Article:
“[A] plane crash or a terrorist attack is news, but slow and steady progress is not. Even 50 million people rising out of poverty in a single year is not news. But this happens to be the most important story of our time: poverty, as we know it, is disappearing from our planet.” — Johan Norberg

“When I work I have no sunk costs. I like changing my mind. Some people really don’t like it but for me changing my mind is a thrill. It’s an indication that I’m learning something. So I have no sunk costs in the sense that I can walk away from an idea that I’ve worked on for a year if I can see a better idea. It’s a good attitude for a researcher. The main track that young researchers fall into is sunk costs. They get to work on a project that doesn’t work and that is not promising but they keep at it. I think too much persistence can be bad for you in the intellectual world.” — Danny Kahneman

“‘Just leave people alone and let them do their work, at their own desks’ does not get you a Harvard Business School case study.”Matt Levine

“The essence is simplicity.”Lou Simpson

“Will the last person leaving SEATTLE turn off the lights”A billboard on the highway near Sea-Tac airport in Seattle, 1971. That billboard was referenced by former Boeing CEO Phil Condit in an interview about the “Boeing Bust” of the late ’60s and early ’70s during which ~2/3 Boeing engineers quit or were laid off.

“The business schools used to pose it as a conundrum. They would say, `Well, who comes first? Your employees, your shareholders, or your customers?’ But it’s not a conundrum. Your employees come first. And if you treat your employees right, guess what? Your customers come back, and that makes your shareholders happy. Start with employees and the rest follows from that.” — Herb Kelleher

“What is good for our customers is also, in the long run, good for us.” Ingvar Kamprad, December 1976 (see below)

  • “Wasting resources is a mortal sin at IKEA [and it] is one of the greatest diseases of mankind.”
  • “Exaggerated planning is the most common cause of corporate death.”
  • “Time is your most important resource. You can do so much in 10 minutes. Ten minutes, once gone, are gone for good. You can never get them back.”

“How can we help our brains to realize that things are getting better when everything is screaming at us that things are getting worse? The solution is not to balance out all the negative news with more positive news…A solution that works for me to persuade myself to keep two thoughts in my head at the same time. It seems that when we hear someone say things are getting better, we think they are also saying ‘don’t worry, relax’ or even ‘look away.’ But I am not saying those things at all….I am saying that things can be both bad and [getting] better.” — Hans Rosling, Factfulness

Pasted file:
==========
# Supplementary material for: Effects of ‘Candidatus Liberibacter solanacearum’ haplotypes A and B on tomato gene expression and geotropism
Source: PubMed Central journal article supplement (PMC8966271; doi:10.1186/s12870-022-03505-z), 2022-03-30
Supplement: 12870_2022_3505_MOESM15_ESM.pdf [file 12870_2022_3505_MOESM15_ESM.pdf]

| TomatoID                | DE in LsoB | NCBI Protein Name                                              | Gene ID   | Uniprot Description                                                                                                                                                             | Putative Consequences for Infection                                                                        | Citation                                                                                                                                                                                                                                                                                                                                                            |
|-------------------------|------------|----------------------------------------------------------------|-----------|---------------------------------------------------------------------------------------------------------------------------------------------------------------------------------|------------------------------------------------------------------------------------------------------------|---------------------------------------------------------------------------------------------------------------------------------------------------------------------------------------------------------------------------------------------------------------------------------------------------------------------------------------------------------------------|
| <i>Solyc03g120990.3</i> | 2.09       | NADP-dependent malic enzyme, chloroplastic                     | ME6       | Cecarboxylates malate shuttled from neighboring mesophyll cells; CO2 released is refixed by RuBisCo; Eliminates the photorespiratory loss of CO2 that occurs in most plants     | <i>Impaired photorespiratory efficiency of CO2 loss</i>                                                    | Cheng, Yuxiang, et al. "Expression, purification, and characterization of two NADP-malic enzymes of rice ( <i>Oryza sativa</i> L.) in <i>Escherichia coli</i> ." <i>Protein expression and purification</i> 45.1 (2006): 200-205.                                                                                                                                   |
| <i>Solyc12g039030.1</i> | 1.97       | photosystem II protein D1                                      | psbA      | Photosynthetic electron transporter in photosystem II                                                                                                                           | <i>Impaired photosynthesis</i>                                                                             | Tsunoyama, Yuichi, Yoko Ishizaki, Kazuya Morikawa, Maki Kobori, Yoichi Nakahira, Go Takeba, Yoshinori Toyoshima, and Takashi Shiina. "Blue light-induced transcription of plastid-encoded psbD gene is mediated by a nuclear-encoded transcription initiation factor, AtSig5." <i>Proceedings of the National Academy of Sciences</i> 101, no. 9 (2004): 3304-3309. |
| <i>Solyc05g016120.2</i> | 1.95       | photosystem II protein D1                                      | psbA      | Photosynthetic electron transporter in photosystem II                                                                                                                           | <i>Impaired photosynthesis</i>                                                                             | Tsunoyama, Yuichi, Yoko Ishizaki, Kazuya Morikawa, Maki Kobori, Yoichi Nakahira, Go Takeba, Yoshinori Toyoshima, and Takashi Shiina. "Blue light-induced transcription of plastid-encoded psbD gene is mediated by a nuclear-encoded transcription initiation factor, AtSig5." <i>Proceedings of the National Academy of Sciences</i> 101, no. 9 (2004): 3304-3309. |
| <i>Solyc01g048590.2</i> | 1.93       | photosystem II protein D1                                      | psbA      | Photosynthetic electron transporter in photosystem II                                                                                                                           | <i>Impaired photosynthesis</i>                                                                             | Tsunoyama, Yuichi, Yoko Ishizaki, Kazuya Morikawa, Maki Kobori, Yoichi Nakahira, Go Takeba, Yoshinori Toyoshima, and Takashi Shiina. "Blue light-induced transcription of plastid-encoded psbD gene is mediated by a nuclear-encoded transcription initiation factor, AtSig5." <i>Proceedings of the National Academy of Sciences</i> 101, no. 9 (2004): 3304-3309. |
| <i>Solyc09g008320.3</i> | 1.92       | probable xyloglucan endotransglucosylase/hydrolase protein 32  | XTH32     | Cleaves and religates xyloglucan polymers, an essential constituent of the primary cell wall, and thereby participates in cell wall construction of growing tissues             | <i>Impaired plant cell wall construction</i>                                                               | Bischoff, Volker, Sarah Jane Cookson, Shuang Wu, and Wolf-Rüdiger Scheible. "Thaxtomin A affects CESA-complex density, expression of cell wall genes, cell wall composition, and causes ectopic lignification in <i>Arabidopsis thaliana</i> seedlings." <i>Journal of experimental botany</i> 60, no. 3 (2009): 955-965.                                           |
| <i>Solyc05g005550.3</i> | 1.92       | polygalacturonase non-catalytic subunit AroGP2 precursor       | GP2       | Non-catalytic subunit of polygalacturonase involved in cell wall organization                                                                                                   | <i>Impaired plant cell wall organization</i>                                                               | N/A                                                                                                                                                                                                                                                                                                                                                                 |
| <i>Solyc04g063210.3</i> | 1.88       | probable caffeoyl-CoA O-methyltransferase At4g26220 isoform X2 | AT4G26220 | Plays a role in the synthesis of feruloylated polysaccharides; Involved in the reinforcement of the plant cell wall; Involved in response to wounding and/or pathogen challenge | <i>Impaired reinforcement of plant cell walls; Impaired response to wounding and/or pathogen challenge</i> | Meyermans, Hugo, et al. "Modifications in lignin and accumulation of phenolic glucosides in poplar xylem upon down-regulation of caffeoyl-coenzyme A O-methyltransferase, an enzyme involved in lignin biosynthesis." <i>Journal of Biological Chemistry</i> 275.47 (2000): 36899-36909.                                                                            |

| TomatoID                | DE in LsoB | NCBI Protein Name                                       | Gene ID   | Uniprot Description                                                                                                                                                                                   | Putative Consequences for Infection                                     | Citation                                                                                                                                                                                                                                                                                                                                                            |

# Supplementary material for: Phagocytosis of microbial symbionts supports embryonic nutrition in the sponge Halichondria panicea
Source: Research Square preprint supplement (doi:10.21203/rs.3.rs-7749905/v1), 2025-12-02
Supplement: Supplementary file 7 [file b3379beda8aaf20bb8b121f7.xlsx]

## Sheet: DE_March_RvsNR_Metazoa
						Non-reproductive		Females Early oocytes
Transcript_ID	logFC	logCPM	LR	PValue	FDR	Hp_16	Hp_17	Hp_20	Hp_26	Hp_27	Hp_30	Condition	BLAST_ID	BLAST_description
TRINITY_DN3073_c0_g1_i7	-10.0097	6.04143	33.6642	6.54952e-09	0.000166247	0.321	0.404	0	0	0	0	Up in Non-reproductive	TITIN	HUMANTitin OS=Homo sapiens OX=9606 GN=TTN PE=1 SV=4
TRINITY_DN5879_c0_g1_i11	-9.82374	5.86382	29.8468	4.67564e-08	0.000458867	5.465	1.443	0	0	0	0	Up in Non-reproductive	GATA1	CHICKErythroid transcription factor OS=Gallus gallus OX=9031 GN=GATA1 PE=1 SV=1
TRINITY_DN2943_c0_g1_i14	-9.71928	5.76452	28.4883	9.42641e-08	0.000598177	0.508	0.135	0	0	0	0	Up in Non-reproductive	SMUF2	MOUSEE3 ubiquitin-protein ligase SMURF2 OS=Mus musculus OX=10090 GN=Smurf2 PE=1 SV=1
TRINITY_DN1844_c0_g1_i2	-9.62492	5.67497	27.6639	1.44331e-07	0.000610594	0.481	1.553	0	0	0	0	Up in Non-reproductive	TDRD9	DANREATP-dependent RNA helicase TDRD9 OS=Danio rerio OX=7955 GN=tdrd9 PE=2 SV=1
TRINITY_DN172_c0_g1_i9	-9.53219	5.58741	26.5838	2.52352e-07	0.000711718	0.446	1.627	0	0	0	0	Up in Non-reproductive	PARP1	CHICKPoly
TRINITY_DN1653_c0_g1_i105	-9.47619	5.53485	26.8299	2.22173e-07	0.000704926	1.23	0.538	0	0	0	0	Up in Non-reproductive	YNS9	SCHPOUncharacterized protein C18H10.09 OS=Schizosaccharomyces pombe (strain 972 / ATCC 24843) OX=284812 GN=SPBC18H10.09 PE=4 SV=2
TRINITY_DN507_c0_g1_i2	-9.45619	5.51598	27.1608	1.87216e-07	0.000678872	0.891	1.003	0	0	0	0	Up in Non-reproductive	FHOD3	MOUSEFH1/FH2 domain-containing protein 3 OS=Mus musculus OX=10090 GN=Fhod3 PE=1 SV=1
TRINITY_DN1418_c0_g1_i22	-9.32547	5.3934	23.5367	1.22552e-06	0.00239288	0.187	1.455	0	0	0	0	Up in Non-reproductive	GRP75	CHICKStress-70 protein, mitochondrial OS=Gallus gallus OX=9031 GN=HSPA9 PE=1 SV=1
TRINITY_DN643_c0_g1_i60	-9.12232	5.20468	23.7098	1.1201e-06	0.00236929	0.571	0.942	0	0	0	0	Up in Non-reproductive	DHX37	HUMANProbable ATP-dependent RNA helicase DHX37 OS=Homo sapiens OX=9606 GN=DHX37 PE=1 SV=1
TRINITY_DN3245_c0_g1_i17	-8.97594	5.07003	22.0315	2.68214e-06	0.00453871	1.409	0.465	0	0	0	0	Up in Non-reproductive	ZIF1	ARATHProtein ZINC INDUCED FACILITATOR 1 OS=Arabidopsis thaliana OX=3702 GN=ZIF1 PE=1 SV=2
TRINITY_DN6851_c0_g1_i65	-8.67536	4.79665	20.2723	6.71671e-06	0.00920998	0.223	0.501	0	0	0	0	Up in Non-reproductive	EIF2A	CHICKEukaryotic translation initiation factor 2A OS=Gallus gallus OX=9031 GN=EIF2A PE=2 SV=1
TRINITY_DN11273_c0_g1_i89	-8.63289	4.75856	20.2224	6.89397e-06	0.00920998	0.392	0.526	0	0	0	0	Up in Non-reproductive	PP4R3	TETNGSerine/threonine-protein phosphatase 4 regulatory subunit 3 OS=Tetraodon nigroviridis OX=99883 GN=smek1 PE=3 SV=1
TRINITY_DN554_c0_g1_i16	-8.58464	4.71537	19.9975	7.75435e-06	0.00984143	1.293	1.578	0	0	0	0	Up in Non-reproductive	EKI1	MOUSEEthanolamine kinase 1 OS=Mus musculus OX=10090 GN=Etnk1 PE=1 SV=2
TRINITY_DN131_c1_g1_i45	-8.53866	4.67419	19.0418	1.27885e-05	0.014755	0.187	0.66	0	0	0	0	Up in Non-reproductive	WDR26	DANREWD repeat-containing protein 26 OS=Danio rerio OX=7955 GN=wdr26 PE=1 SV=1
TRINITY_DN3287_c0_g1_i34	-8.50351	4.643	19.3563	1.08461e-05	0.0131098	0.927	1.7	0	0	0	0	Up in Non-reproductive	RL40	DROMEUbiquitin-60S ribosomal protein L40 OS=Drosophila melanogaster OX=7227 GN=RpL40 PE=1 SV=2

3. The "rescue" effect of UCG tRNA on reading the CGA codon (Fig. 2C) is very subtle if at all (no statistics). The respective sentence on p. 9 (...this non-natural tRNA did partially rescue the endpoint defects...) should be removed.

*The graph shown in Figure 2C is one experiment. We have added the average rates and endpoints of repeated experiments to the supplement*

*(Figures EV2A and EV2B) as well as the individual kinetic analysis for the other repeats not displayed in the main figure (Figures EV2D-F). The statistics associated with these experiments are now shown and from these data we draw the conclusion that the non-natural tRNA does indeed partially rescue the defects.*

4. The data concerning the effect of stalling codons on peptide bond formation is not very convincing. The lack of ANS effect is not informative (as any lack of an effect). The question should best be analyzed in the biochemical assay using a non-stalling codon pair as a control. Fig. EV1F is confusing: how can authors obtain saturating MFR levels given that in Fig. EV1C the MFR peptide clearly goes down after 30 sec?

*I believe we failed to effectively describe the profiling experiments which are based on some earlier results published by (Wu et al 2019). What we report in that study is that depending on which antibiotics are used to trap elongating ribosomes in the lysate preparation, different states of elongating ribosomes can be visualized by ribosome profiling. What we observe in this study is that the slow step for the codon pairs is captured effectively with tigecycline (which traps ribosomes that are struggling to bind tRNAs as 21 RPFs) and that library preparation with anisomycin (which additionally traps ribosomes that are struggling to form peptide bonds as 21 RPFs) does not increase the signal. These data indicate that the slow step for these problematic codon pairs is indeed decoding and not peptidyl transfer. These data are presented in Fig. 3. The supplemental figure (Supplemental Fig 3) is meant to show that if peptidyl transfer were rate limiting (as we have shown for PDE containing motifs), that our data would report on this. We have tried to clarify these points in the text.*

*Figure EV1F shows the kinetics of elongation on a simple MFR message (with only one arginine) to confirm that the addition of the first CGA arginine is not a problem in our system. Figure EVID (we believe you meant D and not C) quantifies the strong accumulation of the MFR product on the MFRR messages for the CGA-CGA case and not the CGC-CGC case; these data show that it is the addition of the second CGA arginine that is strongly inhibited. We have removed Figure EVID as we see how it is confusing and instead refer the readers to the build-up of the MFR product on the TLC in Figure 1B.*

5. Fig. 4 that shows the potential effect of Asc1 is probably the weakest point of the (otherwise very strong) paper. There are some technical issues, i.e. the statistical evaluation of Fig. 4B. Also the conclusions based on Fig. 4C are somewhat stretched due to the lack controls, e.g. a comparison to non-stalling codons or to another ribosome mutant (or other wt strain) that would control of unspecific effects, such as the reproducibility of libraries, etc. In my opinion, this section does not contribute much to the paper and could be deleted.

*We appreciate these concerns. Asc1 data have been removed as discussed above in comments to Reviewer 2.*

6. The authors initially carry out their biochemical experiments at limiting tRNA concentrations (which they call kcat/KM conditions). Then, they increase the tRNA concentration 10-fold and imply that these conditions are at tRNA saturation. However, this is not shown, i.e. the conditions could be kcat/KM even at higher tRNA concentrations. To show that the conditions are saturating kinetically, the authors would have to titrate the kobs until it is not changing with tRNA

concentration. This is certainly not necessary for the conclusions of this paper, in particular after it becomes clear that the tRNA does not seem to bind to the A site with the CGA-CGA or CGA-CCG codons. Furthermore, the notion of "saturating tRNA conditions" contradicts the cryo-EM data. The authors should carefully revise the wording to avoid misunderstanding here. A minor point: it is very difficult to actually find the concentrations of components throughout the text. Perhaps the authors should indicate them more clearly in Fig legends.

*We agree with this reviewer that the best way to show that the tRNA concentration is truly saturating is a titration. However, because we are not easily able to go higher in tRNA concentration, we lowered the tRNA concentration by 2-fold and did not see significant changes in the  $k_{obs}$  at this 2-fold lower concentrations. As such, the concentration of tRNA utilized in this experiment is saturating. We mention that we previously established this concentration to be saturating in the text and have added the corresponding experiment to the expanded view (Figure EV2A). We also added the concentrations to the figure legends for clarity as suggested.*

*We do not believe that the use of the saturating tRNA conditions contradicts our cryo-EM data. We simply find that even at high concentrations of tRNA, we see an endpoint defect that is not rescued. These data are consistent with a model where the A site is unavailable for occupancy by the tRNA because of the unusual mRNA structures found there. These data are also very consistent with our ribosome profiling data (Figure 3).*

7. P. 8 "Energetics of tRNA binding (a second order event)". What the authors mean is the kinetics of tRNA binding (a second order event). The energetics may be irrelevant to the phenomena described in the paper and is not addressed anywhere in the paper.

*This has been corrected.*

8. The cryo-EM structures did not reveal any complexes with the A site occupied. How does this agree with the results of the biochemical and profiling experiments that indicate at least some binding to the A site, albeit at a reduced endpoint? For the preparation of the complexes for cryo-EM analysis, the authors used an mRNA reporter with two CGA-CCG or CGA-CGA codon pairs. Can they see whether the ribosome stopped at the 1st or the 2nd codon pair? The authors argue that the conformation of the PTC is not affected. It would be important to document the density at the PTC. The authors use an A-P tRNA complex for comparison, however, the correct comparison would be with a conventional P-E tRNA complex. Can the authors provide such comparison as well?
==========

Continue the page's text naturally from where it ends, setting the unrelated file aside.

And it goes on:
• “Resist blaming any one individual or group of individuals for anything. Because the problem is that when we identify the bad guy, we are done thinking. And it’s almost always more complicated than that. It’s almost always about multiple interacting causes — a system. If you really want to change the world, you have to understand how it actually works and forget about punching anyone in the face.” — Hans Rosling, Factfulness

Facts and Figures

In a study of the world’s 100 largest market cap companies in 1912, only half were still in existence by 1995; only 20 were still in the top 100; and adjusted for inflation, 60% of the companies shrank in value. (Source: Leslie Hannah)

Money managers (as opposed to individuals) held less than 10% of all shares of American corporations in the 1950s. By 2011, they held 70%. (Source: John C. Bogle)

The global population was ~1.6 billion in 1900, ~6.1 billion in 2000, and ~7.6 billion in 2018.

  • Life expectancy at birth went from ~30 years in 1900 to 65 in 2000 and ~72 in 2018.

As things [stood in 2011], a couple of 56-year-olds with average earnings will contribute about $140,000 in dedicated Medicare taxes over their lifetimes, and they will receive about $430,000 in Medicare benefits.

975 — the number of people employed by GE’s tax department [as of 2011]; by sheer coincidence, GE’s effective tax rate in the U.S. has recently been zero.

The average office worker [in 2012], researchers have found, enjoys no more than three minutes at a time at his or her desk without interruption.

China used almost 50% more cement (6.6 gigatons) in the three years of 2011, 2012, and 2013 than the U.S. used in the entire 20th century (4.5 gigatons from 1901–2000). (Source: Vaclav Smil via Bill Gates)

>99% of Warren Buffett’s net worth was earned after he turned 50.

By this calculation* the British pound experienced a greater than “12-sigma move” on June 24, 2016, following the release of the Brexit result. 12 sigmas is…a lot. (Source: BAML; * And yes, this stretches an already useless concept to the extreme by using the 100-day standard deviation of daily returns.)

In 2005, passive funds managed by Vanguard controlled more than 5% of shares in just three companies in the S&P 500. In 2017, Vanguard controlled more than 5% of shares in 491 companies in the S&P 500. (Source: WSJ/Morningstar)